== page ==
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Helen Chesnut's Garden Notes: Honeysuckle can take two or three years to flower

Ideal growing conditions include full sun to part shade and a fertile, humus-rich, moist but well-drained soil.
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As honeysuckle vines develop over the years, cutting out some of the oldest stems in late winter can help to keep them rejuvenated. HELEN CHESNUT

Dear Helen: I have a honeysuckle that did not flower in its first year in the garden, and it put on little growth. last fall, I moved it to a sunny location, where it grew well but produced few flowers and only until early July. What to do? B.L.

It is not unusual for a honeysuckle vine to take two or three years from planting to flowering. Ideal growing conditions include full sun to part shade and a fertile, humus-rich, moist but well-drained soil.

A lack of bloom after a plant’s settling-in time can most often be attributed to insufficient exposure to sunlight, a dry soil, or/and too much nitrogen in the soil.

In its first two years, vining honeysuckles need only enough pruning to create and retain the shape you want and to keep growth within the support system you have for it. After that, trimming away of dead flowers can be done following a significant bloom period, and pruning in late winter or early spring to shape and thin the plant as needed. With time, some pruning out of the oldest (thickest) stems is helpful.

Dear Helen: Over the summer I heard and read often about the importance of mulching in gardens. Why was the practice emphasized so widely? Is there any specific “best” time for mulching?

S.C.

Mulching simply means covering the soil. For home gardeners, organic materials that will protect the soil and enhance its health are used.

Autumn mulching aims to protect the soil in plots cleared of summer vegetables and flowers. Pounding fall and winter rains can damage a soil’s texture and leach out its nutrients. A buffer of loose organic materials like small or chopped leaves, straw, or shredded plant material can deflect some of the harm.

In the spring, when beds are about to be prepared for planting, the winter mulch can be dug under if it has almost completely decomposed. Otherwise, it can be either composted or set aside for using as a mulch around summer vegetables like tomatoes and squash.

Mulching takes on another important role in late spring and early summer, when the growing season is underway and the soil is warming. An organic mulch of loose leaves, grass clippings mixed with aged sawdust or wood shavings, or a nourishing compost laid over the soil around plantings helps to control weeds, conserve soil moisture, and moderate soil temperatures. As the materials decompose, they also contribute to the health and fertility of the soil.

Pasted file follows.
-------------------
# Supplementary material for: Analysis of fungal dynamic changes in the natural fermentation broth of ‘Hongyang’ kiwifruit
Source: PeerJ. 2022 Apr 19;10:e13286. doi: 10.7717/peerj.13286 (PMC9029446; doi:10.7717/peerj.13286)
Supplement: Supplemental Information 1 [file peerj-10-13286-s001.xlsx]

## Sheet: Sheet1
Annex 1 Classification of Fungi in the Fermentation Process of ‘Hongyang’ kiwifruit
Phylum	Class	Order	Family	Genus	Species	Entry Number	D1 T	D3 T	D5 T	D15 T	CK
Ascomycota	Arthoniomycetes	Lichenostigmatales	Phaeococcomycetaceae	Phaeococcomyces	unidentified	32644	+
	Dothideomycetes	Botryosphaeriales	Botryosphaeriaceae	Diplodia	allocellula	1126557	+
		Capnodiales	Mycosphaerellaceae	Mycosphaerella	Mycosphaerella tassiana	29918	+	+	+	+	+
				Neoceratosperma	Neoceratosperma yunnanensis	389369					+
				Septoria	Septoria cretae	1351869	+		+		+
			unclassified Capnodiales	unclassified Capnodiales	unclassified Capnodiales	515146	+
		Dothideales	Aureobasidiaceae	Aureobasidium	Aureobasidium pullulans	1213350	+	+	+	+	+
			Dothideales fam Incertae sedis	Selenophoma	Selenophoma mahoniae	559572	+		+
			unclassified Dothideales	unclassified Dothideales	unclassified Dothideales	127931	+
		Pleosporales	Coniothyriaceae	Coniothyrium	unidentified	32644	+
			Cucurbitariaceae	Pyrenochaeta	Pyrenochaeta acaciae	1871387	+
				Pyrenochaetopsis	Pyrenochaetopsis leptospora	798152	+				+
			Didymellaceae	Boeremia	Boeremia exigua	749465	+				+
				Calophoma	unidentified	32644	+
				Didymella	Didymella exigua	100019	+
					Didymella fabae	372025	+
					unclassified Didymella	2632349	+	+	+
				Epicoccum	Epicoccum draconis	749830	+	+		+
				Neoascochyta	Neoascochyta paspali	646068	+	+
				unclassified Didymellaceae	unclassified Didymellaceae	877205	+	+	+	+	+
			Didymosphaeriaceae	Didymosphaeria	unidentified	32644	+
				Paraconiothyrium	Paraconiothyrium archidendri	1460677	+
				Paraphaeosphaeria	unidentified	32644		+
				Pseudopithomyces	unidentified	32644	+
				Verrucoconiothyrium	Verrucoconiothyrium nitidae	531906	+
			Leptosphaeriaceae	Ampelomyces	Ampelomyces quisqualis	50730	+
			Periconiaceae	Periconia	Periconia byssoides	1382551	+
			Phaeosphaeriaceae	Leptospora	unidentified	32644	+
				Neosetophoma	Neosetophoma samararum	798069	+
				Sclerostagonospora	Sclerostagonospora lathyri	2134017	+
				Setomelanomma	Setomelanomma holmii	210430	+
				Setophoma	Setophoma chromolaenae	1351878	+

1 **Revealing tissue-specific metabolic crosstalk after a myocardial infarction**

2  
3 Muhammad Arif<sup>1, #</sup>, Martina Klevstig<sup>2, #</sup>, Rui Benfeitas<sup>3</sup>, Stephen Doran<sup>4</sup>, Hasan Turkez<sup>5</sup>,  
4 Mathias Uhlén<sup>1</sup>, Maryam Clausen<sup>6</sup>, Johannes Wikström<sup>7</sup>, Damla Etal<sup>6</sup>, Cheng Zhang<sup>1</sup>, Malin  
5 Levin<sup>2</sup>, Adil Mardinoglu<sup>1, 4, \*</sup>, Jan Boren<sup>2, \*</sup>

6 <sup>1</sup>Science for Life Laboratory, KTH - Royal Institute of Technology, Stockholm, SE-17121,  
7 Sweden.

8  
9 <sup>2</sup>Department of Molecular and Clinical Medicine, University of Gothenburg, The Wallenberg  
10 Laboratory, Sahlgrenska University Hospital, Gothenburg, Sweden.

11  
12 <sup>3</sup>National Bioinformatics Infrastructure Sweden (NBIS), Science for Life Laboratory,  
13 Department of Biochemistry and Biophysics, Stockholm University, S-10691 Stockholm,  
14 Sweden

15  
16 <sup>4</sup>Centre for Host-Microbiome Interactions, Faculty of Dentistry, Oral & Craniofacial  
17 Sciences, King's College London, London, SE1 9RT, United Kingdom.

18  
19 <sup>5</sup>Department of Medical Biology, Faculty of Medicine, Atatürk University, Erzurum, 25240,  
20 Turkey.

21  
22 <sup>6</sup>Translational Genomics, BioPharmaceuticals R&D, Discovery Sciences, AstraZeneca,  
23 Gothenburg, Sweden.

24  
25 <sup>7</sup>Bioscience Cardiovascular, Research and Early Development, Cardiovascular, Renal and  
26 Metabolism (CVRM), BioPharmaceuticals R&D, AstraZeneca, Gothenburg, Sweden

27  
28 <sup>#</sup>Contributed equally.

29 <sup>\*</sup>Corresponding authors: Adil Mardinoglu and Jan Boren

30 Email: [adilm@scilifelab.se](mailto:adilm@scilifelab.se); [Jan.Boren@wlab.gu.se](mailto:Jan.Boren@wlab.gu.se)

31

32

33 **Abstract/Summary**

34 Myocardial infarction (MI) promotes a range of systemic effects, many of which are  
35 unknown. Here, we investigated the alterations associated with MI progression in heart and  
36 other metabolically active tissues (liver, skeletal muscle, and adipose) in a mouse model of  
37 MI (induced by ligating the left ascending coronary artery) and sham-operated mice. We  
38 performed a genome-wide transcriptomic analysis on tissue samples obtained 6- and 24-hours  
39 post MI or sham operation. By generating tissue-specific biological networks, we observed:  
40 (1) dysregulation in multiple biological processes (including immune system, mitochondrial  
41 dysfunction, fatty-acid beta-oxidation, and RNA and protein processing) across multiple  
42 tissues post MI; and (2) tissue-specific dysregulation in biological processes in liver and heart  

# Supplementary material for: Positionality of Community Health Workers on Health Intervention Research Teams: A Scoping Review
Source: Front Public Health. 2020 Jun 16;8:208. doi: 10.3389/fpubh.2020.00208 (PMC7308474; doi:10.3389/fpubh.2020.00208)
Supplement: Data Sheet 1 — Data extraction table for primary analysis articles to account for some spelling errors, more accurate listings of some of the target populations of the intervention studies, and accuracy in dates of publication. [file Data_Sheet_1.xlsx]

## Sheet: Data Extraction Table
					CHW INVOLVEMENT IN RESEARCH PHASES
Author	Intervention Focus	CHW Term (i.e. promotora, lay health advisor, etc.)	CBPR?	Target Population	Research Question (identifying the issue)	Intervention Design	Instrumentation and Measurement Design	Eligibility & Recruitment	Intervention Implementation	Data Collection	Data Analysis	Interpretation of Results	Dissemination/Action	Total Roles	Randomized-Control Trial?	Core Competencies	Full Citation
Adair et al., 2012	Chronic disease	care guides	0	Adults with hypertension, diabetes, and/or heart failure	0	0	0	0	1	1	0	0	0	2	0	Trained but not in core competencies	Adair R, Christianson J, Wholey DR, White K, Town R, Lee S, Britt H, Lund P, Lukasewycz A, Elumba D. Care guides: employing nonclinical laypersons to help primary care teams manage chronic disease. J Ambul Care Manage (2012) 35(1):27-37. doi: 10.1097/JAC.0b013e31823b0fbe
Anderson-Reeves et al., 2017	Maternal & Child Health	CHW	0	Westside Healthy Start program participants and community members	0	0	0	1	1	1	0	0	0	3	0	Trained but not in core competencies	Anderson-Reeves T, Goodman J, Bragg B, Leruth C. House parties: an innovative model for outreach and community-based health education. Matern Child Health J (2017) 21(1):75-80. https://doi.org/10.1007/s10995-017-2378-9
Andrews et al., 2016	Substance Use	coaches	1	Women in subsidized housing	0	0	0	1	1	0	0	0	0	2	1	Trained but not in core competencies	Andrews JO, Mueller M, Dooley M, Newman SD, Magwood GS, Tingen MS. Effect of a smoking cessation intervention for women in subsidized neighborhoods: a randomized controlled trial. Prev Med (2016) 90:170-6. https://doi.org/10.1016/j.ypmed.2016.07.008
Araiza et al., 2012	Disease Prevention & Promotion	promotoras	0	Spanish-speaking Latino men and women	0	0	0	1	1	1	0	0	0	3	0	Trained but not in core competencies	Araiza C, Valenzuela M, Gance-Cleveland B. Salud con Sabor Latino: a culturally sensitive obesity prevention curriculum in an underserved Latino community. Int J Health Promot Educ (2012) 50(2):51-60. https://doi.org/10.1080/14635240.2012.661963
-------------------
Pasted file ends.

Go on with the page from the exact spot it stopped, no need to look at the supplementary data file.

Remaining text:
My preference, before hot weather, is to boost soil and plant health with a high quality compost mulch around plantings, topped by a cooling, moisture retaining material like loose straw or fluffy leaves.

It was the extreme and unexpected heat starting in June that prompted so much discussion about mulching, a practice that is one of the best protective measures we have for our soils and plants. If extreme heat waves persist, I expect we’ll all be looking into shading measures as well for out summer plantings.

Dear Helen: Is it true that sales of peat for gardening are going to be banned in some places?

D.S.

Peat sales are slated to stop in the United Kingdom in 2024. Peat harvesting over the years has degraded their peatlands, and the harvesting releases carbon dioxide.

Peatlands are major carbon storehouses, making them protectors of a livable climate. They also are havens of safety for wildlife and plant diversity. The U.K. is planning to restore, as much as it is possible, its degraded peatlands as harvesting is phased out.

Already growers in the U.K. and elsewhere have begun a transition from peat to coir (coconut husk fibre), which is a valuable moisture-retaining, temperature-moderating ingredient in both garden soils and potting mixes. It is widely available where garden supplies are sold.

Dear Helen: Should I remove the top growth on my carrots and cover the roots for the winter?

R.L.

I leave top growth on the carrots as long as it is green, and clear it away once it has withered. Then I cover the roots with a shallow layer of soil, marking the corners with stakes to avoid accidentally disturbing the roots and also to guide carrot digging over the winter.

As freezing weather approaches, it’s wise to mulch over the bed to further protect the root tops from damage. Chopped leaves or straw are examples of suitable insulating mulches.

hchesnut@bcsupernet.com